This deployment to international relief organizations who were on the ground in Nepal took place either directly or through Thuraya Service Partners. Thuraya’s local distributor in Nepal, Constellation, actively supported the deployment of Thuraya terminals.

Additionally, the ITU under its agreement with Thuraya immediately deployed Thuraya terminals to its responders on the ground.

How long was Thuraya active in the response?

Thuraya remained active during the initial few months until terrestrial telecommunications were restored.

Is Thuraya still involved in communications, or are emergency comms no longer needed? 

Thuraya is still heavily involved in Nepal by providing communications to humanitarian organizations who are working on CSR programs for rebuilding remote communities, schools and hospitals. One example of that is our donation to the Himalayanlife Humanitarian organization of a number of Thuraya handsets as well as free airtime.

The Himalayanlife Humanitarian Organization which relies on Thuraya’s donation for communications is currently working on rebuilding the infrastructure in Nepal and has already completed its work on the water canal which is the life line for the village/valley providing both water for rice fields as well as for the electric power plant. The work on schooling has also commenced although in a slightly different form. Due to the insecure paths through the mountains, instead of a central school for the whole valley the organization has now decided to start local schools in the villages themselves, one of them already being fully operational.

Another aspect of our involvement in Nepal, although not currently activated, will involve training and assisting the Nepalese first responders and municipalities on using our equipment and educating them about the importance of pre-deployment and preparedness. This will ultimately take place under the UN’s supervision and as part of the terms of the Crises Connectivity Charter that Thuraya signed in Geneva a few months ago.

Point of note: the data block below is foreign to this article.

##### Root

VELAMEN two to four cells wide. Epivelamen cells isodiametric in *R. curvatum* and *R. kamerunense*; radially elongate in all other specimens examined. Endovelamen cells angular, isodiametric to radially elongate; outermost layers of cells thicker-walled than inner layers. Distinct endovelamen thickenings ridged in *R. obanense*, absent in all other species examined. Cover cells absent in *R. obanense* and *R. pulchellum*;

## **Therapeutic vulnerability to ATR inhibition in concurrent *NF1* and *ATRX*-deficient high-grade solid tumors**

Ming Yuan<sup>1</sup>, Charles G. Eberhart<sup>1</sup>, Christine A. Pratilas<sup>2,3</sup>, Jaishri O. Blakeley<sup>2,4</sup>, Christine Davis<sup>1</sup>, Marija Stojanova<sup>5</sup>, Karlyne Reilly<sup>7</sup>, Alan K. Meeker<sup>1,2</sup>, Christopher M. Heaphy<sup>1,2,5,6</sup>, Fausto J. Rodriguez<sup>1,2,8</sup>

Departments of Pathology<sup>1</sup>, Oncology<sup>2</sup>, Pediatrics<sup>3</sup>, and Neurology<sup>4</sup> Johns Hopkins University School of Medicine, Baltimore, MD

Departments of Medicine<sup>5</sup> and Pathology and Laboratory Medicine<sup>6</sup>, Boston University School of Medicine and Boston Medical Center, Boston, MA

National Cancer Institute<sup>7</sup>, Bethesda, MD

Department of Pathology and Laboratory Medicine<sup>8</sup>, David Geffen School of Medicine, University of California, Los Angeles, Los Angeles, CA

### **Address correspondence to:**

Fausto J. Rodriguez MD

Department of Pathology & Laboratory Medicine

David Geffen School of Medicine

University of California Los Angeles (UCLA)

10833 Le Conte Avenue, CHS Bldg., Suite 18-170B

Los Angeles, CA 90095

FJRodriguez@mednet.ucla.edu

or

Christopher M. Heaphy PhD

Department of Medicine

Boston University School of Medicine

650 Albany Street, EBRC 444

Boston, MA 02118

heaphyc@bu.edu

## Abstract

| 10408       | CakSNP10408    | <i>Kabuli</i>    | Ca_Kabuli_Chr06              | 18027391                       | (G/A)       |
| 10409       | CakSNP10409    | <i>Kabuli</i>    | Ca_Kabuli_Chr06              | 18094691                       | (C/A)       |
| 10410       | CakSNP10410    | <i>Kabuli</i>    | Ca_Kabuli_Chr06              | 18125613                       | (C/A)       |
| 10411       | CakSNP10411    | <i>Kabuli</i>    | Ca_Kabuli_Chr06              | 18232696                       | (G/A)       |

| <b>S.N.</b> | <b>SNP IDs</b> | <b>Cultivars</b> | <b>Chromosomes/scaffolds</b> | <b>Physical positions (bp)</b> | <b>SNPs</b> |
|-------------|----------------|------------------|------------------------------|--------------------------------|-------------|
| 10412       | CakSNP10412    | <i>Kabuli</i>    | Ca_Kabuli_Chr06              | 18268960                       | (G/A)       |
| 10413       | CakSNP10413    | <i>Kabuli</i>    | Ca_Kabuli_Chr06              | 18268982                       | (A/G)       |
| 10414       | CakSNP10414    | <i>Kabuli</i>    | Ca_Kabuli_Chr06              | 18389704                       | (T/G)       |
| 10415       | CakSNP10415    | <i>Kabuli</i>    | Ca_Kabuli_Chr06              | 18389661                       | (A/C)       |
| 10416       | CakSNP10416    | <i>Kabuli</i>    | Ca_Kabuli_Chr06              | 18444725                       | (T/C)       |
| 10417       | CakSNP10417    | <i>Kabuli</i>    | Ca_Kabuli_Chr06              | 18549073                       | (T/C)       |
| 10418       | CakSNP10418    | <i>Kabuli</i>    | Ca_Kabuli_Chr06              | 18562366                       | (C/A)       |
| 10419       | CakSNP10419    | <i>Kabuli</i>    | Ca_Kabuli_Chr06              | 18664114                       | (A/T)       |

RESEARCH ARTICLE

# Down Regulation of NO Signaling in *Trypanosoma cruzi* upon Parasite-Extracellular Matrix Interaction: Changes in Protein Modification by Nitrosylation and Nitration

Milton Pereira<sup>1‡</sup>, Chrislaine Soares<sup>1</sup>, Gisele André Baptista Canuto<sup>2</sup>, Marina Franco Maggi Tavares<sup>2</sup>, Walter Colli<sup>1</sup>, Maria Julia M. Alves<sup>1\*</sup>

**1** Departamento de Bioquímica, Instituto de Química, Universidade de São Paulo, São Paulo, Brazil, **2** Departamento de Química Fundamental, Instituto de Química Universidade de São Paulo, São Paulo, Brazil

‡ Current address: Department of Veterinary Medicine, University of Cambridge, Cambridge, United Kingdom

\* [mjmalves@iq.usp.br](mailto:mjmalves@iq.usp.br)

Natural disasters are challenging in that they are all so different. What was a challenge that was unique to the situation in Nepal?

It is true that they are all different yet they all have one common element; access to telecommunication services is vital if a community is to get the support it needs.

A major challenge that always hinders quick response is getting equipment across borders, bureaucracy and process can slow things down, as can border controls. Fortunately, for Nepal this wasn’t an issue for us since we have a Service Partner in Katmandu that was able to deliver the equipment to the teams on the ground and helped coordinate with customs clearance.

However, a challenge we did face was the need to educate users in Nepal on how to use our handsets (i.e. handsets to be used outdoors-raise the antenna for signal and better reception – etc…). We eventually managed to overcome this challenge but we realized that SAR teams need to be well-trained, and they need to test their pre-deployed equipment frequently, for operational readiness.

In your opinion, has Nepal progressed in its preparedness for future disasters, or is this an area that needs more improvement?

Nepal is currently listed as one of the 20 areas prone to natural disasters by the UN-ETC-OCHA-ESOA Crises Connectivity Charter. As mentioned previously it is crucial to educate and train first responders, but for communications, pre-deployment is also a key factor that can save lives.